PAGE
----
Randomness adds an element of excitement and unpredictability to coin flips. It’s what keeps us on the edge of our seats, waiting to see which side the coin will land on. Embracing the inherent randomness in coin flips allows us to appreciate the art of chance and enjoy the thrill of uncertainty.

Factors That Affect the Outcome of a Coin Flip

While coin flips may seem simple on the surface, several factors can influence the outcome. Some of these factors include:

  1. Force of the flip: The force applied to the coin can affect its trajectory and spin, potentially altering the outcome. A harder flip may result in more rotations, making it more likely for the coin to land on its edge or bounce before settling on heads or tails.
  2. Air resistance: The air resistance encountered by the coin during its flight can affect its path and rotation. In some cases, the shape or weight distribution may make it more susceptible to air resistance, leading to a non-uniform distribution of outcomes.
  3. Surface characteristics: The surface on which the coin lands can also impact the outcome. A rough surface may cause the coin to bounce or roll differently compared to a smooth surface. Even slight imperfections on the landing surface can influence the result.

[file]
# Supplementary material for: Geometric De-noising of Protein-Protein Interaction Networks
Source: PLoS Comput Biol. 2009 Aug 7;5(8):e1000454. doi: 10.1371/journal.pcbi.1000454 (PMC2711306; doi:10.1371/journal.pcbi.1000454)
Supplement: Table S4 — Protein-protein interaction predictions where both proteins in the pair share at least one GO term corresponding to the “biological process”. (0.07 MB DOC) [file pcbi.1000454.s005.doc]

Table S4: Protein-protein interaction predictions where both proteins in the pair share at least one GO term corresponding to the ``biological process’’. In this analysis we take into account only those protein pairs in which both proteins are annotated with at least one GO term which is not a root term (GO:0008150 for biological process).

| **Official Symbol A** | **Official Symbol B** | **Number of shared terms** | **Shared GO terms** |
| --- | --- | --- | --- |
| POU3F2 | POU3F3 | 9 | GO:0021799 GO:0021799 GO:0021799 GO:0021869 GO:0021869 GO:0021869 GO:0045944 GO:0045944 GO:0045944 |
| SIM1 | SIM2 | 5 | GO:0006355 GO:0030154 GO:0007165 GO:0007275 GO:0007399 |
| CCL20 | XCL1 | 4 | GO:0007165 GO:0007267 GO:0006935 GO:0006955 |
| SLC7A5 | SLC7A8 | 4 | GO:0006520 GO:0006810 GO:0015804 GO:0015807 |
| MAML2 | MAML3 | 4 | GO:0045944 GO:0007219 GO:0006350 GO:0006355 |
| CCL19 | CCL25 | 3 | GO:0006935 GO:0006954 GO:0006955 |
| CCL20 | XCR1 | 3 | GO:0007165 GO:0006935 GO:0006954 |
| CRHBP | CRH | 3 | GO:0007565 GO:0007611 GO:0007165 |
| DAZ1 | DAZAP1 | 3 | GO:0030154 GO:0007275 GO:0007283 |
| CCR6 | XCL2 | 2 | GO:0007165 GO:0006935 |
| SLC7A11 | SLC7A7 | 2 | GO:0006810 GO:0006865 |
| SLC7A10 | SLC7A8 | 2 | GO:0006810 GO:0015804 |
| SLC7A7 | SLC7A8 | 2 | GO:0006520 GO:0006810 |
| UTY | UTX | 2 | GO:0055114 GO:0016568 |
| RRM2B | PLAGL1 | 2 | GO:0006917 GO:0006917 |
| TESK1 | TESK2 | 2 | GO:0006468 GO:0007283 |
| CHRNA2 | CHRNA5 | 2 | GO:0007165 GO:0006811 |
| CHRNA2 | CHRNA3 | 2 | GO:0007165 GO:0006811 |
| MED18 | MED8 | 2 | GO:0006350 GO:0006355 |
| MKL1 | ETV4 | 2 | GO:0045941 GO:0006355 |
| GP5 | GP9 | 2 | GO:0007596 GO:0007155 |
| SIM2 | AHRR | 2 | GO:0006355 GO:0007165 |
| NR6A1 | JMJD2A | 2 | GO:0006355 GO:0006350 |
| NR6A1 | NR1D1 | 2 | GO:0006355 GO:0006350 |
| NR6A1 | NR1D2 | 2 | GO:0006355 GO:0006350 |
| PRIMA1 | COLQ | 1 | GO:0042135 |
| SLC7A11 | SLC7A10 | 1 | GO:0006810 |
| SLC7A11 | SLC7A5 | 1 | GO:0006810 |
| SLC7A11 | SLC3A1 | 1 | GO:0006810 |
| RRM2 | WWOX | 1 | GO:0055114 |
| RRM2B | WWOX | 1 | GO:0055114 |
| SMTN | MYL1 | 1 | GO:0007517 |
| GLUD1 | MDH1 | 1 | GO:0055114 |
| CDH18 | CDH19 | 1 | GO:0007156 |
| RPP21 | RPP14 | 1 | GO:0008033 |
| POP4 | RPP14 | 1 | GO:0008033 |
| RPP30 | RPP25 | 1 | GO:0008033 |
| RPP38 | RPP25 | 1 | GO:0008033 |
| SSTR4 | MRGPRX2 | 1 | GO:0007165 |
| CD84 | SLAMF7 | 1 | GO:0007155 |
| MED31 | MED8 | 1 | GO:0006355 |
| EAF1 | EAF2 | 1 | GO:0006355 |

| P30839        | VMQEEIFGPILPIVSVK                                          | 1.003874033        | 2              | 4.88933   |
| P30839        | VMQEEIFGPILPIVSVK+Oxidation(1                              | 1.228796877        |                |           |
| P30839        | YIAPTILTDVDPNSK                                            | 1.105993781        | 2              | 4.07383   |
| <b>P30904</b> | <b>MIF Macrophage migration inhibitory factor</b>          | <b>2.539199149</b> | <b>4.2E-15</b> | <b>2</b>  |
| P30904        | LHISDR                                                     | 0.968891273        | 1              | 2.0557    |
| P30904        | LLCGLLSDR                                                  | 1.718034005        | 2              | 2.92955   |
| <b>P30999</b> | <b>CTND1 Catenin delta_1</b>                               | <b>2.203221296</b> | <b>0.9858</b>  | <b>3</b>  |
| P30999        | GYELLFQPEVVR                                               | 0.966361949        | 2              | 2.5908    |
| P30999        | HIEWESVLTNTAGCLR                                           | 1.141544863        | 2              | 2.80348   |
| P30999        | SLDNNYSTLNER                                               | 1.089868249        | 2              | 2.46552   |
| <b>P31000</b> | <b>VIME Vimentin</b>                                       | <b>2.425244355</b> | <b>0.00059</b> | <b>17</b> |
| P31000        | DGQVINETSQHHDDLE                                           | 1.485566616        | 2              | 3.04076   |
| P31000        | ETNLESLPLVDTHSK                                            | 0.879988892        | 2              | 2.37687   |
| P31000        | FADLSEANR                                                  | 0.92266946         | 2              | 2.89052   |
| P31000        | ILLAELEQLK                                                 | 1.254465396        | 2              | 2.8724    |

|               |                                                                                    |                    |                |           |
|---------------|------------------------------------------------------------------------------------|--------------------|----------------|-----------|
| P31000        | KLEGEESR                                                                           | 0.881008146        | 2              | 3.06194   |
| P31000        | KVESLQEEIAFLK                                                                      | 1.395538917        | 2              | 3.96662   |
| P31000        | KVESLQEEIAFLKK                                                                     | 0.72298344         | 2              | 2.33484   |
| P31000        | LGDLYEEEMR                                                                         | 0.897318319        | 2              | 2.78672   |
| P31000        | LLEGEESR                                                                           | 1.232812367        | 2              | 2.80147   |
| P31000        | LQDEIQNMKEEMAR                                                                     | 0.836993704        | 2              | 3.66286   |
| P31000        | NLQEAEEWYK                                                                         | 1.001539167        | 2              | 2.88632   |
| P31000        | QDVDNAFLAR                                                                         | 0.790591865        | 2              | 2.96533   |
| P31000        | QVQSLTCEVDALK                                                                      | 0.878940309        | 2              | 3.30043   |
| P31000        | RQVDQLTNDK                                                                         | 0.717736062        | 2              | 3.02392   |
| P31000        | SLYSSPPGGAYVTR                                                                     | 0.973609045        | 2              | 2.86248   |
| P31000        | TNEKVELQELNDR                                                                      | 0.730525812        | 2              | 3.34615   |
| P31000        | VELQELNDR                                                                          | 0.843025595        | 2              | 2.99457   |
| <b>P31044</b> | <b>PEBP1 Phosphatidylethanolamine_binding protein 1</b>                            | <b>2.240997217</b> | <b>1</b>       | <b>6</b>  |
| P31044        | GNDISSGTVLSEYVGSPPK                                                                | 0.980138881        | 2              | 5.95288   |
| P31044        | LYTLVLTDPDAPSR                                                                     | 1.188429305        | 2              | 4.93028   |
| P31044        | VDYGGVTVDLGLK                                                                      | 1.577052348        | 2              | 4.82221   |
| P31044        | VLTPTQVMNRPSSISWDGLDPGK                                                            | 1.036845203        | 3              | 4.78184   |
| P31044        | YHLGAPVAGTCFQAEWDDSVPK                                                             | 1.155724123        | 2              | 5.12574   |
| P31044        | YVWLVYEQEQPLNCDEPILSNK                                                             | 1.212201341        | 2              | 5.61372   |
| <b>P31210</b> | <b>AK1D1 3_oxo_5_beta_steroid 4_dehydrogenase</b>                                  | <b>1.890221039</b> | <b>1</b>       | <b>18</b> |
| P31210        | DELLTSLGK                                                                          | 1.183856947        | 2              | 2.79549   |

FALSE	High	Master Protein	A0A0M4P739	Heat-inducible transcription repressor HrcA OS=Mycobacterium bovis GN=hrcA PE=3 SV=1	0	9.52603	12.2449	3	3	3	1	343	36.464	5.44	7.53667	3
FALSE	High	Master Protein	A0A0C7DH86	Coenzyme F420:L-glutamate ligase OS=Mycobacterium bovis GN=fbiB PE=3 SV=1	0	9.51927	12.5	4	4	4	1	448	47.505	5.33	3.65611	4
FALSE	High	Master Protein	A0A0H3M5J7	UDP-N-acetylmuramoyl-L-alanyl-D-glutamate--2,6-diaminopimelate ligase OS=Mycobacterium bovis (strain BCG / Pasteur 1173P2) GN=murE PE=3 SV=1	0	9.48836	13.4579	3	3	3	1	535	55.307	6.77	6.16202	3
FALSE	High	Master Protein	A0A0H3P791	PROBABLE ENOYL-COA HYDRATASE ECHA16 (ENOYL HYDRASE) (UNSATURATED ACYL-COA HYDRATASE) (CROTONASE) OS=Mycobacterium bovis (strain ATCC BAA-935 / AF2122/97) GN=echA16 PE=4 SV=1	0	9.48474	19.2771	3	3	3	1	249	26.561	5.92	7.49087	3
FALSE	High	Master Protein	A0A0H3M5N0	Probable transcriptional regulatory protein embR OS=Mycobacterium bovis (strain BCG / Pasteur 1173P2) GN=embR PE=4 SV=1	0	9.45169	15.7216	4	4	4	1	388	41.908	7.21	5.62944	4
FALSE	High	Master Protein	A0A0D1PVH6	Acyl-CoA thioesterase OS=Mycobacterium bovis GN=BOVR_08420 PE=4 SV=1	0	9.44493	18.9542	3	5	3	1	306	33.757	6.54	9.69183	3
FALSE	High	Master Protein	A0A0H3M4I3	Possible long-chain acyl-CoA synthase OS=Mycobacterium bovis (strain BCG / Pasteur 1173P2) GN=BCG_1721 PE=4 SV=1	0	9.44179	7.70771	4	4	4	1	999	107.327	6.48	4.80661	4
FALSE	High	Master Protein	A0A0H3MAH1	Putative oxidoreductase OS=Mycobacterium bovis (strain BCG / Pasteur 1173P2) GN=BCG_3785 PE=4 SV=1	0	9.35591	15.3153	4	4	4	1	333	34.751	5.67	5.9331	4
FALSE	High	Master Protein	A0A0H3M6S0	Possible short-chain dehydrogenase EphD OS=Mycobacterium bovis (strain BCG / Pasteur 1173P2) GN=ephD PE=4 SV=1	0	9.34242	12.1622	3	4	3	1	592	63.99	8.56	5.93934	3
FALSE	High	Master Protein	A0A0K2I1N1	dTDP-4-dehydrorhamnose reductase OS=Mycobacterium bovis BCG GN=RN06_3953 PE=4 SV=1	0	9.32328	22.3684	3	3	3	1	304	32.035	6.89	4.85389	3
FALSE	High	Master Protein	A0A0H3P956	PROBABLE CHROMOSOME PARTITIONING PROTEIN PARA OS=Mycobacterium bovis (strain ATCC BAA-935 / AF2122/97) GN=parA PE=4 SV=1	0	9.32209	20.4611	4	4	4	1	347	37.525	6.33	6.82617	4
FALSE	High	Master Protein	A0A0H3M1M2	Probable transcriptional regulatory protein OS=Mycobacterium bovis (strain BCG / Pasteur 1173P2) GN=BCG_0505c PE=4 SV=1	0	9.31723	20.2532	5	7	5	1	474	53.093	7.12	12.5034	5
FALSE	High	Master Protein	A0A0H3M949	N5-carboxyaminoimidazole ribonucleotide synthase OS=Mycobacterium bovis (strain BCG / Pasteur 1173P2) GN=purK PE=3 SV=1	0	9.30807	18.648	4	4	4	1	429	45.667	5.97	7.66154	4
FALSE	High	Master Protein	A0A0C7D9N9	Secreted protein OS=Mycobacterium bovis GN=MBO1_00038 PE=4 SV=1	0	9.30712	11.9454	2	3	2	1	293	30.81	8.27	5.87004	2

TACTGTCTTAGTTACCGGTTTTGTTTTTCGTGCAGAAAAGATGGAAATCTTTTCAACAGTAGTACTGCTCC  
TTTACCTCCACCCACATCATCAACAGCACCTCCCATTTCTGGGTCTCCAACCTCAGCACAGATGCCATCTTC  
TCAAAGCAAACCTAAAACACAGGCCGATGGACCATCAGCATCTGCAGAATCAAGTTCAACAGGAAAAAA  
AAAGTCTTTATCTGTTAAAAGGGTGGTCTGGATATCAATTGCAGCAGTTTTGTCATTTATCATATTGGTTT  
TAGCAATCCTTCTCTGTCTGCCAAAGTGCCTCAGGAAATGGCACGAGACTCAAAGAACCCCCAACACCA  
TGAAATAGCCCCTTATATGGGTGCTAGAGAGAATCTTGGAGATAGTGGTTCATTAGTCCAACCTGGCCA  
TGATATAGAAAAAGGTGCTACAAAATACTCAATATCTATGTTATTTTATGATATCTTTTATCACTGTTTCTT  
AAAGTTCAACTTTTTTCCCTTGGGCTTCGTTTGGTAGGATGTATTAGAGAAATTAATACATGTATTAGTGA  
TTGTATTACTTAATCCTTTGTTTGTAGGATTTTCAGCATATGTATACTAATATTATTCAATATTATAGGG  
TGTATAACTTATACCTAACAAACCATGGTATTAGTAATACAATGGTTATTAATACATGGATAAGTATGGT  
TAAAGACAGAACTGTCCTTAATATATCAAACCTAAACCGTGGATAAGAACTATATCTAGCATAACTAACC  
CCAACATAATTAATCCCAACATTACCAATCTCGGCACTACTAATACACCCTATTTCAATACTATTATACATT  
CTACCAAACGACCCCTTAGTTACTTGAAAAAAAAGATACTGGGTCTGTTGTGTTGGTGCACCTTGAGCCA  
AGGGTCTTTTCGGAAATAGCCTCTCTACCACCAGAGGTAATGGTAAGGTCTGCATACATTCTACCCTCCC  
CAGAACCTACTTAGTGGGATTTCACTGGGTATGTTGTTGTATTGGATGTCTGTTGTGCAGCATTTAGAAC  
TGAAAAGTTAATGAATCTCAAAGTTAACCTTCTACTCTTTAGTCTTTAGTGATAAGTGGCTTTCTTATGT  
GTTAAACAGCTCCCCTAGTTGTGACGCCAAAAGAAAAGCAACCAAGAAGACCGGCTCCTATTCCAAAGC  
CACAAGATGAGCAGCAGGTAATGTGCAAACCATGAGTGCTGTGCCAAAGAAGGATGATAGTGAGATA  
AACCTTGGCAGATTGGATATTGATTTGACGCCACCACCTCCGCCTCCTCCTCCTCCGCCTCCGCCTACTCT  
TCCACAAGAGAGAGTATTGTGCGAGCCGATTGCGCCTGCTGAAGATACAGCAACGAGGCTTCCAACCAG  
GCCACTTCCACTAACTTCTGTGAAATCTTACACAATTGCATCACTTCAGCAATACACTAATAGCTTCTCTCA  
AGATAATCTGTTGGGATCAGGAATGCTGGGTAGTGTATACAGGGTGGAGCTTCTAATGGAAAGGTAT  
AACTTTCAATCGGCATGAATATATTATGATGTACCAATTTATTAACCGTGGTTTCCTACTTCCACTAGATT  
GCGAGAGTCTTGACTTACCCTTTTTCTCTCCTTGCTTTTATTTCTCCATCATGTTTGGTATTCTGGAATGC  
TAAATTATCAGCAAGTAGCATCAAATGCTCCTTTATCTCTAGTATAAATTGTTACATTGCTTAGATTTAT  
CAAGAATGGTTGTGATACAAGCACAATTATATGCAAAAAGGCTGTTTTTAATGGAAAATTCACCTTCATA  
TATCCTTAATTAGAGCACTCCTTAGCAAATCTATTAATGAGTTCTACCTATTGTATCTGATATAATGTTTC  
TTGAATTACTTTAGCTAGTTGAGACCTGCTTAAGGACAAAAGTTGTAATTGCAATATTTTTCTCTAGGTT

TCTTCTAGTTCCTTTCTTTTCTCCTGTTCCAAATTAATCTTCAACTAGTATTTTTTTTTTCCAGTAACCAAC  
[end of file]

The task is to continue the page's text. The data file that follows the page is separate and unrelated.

While these factors may not have a significant impact on the outcome of a single coin flip, they can contribute to a cumulative effect over a large number of flips. It’s important to consider these factors when analyzing the results of coin flips and understanding the role of probability.

Common Misconceptions About Probability and Coin Flips

Probability and coin flips are often subject to misconceptions and misinterpretations. Here are some common misconceptions that people have about probability and flips:

  1. Gambler’s fallacy: One of the most prevalent misconceptions is the belief that the outcome of a coin flip is influenced by previous flips. For example, if a coin has landed on heads multiple times in a row, some people may believe that tails is “due” to come up. However, each coin flip is an independent event, and the outcome of previous flips has no bearing on future flips.